Become a member and get exclusive access to articles, live sessions and more!
Start Your Free Trial

Eliane Elias: Her Song of Singing

The Brazilian jazz pianist/singer talks about her new album Light My Fire and explains the difference between being a piano player and a singer

Eliane Elias
Eliane Elias
Marivaldo dos Santos, Marc Johnson, Paulo Braga, Eliane Elias and Gilberto Gil at recording session for Eliane Elias' Light My Fire album
Eliane Elias and Marc Johnson
Amanda Elias Brecker, Randy Brecker and Eliane Elias

Pianist and singer Eliane Elias has always incorporated her Brazilian roots into her music. Born in Sao Paulo, Brazil, Elias came to the US in 1981 and was soon working with the fusion band Steps Ahead. She thereafter began her solo career as a jazz pianist, combining Brazilian music with improvisational jazz. During that career spanning almost three decades, she’s also recorded and performed the music of Bill Evans and even classical composers. Since 1984, Elias has recorded over 20 albums and established herself as an accomplished jazz pianist and increasingly as a singer.

The singing is front and center on her new album Light My Fire, which features an all-star supporting cast including Gilberto Gil, Romero Lubambo, Oscar Castro-Neves and Randy Brecker, as well as her husband and long-time collaborator, bassist Marc Johnson. The breezy and sensual album features Elias singing (and playing) originals, classic Brazilian compositions and some interesting covers, including Stevie Wonder’s “My Cherie Amour” and the title song by Jim Morrison and the Doors.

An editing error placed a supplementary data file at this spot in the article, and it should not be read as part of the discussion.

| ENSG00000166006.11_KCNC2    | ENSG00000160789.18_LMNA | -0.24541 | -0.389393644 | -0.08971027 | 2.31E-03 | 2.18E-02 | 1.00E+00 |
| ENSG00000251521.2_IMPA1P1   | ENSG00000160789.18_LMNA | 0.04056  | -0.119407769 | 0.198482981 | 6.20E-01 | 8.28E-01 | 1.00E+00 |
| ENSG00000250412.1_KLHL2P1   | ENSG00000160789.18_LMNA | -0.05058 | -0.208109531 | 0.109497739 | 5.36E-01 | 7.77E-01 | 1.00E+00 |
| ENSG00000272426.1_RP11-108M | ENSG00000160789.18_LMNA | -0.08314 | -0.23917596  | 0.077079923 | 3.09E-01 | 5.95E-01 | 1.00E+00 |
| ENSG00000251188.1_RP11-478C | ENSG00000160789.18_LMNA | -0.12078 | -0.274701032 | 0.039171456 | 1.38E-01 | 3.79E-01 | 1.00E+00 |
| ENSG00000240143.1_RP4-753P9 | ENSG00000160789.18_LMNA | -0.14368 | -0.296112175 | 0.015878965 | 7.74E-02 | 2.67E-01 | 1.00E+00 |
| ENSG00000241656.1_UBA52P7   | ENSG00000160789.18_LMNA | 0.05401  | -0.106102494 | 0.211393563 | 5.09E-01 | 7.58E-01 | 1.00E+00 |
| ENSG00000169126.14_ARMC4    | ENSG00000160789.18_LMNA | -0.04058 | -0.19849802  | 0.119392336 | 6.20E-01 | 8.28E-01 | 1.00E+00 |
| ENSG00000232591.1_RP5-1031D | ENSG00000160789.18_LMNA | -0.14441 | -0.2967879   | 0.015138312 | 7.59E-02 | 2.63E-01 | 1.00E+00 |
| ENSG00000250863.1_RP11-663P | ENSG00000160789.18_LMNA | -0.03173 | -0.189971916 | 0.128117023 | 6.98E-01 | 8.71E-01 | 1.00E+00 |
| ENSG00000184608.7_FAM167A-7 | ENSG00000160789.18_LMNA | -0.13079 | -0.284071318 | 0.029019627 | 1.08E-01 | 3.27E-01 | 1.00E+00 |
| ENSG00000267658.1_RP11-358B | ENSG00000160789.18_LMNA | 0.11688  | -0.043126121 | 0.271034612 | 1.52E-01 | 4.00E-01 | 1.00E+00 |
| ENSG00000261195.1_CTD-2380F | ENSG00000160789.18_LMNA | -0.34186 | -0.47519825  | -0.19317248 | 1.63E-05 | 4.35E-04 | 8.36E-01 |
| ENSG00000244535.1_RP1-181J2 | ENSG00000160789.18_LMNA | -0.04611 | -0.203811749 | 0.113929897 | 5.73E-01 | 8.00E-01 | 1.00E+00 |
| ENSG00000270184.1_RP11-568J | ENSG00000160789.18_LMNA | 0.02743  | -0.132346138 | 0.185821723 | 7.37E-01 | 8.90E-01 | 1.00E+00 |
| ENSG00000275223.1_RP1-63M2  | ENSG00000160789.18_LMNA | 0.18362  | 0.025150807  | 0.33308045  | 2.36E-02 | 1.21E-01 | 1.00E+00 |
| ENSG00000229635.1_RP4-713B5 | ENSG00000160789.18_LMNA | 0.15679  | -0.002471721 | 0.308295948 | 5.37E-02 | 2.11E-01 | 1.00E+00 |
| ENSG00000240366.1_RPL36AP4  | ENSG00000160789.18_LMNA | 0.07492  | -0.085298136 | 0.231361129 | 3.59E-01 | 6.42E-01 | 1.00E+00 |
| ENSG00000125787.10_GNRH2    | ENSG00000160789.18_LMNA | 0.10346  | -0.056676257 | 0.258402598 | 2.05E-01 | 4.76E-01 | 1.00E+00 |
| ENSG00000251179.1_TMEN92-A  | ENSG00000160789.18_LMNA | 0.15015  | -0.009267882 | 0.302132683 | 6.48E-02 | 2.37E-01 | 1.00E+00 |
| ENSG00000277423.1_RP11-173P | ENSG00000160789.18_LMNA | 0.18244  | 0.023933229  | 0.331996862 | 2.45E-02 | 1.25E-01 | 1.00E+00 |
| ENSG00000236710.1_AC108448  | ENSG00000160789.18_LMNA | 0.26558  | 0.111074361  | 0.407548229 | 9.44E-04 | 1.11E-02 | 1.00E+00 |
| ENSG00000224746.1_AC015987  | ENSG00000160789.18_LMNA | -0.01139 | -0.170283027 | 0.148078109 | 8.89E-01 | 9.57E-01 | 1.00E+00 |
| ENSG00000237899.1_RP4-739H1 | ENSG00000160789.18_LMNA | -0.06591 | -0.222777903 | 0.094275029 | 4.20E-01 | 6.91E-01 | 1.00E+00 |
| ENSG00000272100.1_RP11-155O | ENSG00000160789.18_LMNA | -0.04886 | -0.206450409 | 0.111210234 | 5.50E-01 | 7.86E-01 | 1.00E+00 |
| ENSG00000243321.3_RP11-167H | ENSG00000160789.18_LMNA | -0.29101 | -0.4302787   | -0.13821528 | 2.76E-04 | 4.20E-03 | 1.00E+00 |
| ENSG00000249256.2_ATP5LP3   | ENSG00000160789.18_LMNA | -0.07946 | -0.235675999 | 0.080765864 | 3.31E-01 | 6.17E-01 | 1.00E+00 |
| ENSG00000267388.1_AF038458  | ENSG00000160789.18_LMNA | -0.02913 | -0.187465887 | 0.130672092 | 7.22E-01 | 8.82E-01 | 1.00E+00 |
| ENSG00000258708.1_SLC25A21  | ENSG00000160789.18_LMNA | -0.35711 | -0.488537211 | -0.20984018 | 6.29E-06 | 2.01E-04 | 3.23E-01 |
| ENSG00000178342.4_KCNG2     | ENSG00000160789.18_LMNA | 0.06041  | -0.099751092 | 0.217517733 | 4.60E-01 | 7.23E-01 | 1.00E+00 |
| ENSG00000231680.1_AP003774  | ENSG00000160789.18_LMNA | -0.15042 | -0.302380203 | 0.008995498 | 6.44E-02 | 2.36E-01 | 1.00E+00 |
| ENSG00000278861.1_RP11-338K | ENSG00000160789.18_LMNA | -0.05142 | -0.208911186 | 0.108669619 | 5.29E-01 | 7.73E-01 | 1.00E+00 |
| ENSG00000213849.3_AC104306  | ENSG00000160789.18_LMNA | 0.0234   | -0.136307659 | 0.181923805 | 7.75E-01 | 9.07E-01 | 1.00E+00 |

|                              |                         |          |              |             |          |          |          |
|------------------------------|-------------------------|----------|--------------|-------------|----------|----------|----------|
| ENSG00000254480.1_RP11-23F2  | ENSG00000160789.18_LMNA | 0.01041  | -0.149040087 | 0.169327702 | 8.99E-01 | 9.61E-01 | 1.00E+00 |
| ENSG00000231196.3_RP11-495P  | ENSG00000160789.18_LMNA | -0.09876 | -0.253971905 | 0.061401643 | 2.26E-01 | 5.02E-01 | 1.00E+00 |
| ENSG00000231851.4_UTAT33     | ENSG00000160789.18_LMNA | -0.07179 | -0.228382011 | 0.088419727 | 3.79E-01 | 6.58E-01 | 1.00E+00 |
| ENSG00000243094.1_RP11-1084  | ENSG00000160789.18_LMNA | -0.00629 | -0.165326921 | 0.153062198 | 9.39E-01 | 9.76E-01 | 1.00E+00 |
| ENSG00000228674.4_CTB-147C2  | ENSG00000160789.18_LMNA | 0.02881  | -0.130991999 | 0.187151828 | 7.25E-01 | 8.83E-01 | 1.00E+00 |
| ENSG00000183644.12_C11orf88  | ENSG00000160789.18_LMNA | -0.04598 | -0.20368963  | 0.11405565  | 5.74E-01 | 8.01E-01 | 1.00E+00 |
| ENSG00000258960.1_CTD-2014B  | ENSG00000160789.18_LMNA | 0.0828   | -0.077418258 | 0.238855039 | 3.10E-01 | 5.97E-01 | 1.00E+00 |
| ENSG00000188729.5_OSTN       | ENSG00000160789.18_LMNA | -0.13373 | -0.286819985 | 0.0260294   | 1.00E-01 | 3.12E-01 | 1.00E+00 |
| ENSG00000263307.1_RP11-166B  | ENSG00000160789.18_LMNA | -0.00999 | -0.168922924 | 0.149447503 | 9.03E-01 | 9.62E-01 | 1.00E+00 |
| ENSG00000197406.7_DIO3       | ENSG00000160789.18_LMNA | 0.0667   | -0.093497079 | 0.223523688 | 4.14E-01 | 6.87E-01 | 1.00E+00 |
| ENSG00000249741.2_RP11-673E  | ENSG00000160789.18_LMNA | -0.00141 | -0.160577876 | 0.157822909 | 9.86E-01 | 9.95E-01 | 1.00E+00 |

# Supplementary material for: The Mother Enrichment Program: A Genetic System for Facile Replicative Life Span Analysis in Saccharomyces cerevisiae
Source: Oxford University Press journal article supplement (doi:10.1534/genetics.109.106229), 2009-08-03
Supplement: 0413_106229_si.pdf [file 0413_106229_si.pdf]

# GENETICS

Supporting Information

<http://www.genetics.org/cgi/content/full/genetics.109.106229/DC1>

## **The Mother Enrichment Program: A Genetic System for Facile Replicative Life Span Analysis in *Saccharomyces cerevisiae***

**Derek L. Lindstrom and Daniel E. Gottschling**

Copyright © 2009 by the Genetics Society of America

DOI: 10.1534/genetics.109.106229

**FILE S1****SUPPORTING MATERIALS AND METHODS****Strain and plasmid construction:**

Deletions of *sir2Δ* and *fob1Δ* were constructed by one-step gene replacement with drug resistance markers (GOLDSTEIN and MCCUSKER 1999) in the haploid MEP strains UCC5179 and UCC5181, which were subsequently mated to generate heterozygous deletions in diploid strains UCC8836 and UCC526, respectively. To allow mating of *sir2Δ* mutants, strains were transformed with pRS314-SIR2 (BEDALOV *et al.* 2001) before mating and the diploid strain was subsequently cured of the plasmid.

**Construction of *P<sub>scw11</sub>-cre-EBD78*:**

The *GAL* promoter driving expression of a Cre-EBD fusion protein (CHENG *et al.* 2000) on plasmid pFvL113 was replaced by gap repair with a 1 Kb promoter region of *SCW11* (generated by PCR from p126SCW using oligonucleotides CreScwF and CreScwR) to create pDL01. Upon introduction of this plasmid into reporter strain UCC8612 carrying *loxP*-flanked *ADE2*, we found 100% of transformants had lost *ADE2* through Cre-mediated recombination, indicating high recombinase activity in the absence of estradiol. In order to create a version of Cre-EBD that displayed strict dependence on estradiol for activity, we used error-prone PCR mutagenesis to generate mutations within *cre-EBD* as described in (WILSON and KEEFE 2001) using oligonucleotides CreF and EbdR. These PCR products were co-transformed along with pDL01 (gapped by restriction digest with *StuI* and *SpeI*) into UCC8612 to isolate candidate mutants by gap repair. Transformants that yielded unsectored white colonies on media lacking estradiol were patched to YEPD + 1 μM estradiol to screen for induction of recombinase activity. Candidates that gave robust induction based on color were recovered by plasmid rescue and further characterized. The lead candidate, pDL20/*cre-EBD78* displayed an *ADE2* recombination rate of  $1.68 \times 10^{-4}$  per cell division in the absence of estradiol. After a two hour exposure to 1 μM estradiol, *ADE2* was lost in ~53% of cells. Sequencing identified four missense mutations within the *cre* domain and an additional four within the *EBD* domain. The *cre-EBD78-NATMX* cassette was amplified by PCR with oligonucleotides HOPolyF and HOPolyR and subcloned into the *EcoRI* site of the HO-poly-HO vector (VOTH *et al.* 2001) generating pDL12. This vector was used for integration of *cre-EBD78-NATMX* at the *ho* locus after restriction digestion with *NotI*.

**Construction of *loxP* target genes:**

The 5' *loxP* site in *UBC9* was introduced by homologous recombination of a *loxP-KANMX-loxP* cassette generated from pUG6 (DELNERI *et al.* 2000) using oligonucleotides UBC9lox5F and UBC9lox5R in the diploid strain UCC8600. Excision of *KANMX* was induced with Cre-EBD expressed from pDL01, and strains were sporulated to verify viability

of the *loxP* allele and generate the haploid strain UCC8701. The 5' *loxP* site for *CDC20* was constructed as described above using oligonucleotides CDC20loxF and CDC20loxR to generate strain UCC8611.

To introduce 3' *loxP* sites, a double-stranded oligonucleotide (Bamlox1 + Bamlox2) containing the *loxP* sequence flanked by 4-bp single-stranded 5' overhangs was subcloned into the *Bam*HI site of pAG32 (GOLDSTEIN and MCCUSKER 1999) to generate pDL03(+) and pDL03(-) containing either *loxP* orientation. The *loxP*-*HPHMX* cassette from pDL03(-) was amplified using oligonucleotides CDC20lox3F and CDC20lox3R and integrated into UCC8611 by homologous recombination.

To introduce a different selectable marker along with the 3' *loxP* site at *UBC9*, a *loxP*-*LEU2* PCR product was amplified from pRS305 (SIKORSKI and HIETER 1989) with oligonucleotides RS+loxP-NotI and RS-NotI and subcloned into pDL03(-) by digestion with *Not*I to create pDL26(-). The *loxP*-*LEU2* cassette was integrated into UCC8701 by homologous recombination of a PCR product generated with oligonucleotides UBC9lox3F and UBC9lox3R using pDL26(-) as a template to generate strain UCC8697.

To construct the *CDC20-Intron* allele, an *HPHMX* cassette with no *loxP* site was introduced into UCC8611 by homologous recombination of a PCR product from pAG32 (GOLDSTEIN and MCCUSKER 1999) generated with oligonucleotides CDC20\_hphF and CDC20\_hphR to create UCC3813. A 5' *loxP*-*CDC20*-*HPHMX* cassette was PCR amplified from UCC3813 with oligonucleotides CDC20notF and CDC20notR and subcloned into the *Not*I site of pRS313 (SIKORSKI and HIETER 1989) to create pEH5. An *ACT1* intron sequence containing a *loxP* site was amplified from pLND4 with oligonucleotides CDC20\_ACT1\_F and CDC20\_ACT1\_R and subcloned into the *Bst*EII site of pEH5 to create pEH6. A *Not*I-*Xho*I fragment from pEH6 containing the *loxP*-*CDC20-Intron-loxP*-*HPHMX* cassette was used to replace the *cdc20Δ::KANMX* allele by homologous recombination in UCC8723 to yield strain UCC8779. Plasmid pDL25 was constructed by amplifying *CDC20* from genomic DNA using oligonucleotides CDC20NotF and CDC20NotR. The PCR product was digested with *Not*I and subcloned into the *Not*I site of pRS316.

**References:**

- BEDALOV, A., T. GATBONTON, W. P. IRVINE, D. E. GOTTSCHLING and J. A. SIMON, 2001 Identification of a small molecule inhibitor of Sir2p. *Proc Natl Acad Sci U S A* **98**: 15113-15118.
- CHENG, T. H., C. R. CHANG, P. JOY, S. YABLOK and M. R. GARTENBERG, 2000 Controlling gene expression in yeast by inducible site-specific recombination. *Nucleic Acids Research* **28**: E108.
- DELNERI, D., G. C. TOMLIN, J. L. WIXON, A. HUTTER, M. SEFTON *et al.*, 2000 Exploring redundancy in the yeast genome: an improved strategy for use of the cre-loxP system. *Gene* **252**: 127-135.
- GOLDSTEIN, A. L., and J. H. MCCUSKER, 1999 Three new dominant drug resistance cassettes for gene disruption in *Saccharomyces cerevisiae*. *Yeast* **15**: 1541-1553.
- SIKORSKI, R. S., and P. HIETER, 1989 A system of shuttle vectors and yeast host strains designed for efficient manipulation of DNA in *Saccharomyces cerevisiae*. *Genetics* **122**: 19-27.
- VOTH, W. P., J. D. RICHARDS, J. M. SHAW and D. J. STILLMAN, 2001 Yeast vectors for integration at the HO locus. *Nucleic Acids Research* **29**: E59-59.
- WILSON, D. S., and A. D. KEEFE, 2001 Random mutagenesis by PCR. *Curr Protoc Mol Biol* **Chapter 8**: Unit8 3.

Elias talked with JazzTimes about the new album and how she has adapted to being a singer as well as pianist.


B>JT: Many people view you as a jazz pianist who recently started singing, but in fact looking back at your career, you’ve always sung.

Eliane Elias: The first time I did a record that had a lot of vocals was my very first one called Amanda which I recorded with Randy Brecker around 1984. After that I did a lot of vocalese, but I never really wanted to pursue a career as a singer. I used my voice as an instrument, as a color doing parts. I did that for several years.

When I did the Sings Jobim album that was all about singing, but I was in the mindset that the piano should be in front of the voice. So if you listen to the mix of the record, the voice is mixed a little under or a little back, because I was not comfortable with the idea of the voice being in front of the piano. That record did very well. Even before that, I had done maybe one or two songs on every album where I sang.

Start Your Free Trial to Continue Reading

Become a JazzTimes member to explore our complete archive of interviews, profiles, columns, and reviews written by music's best journalists and critics.
Originally Published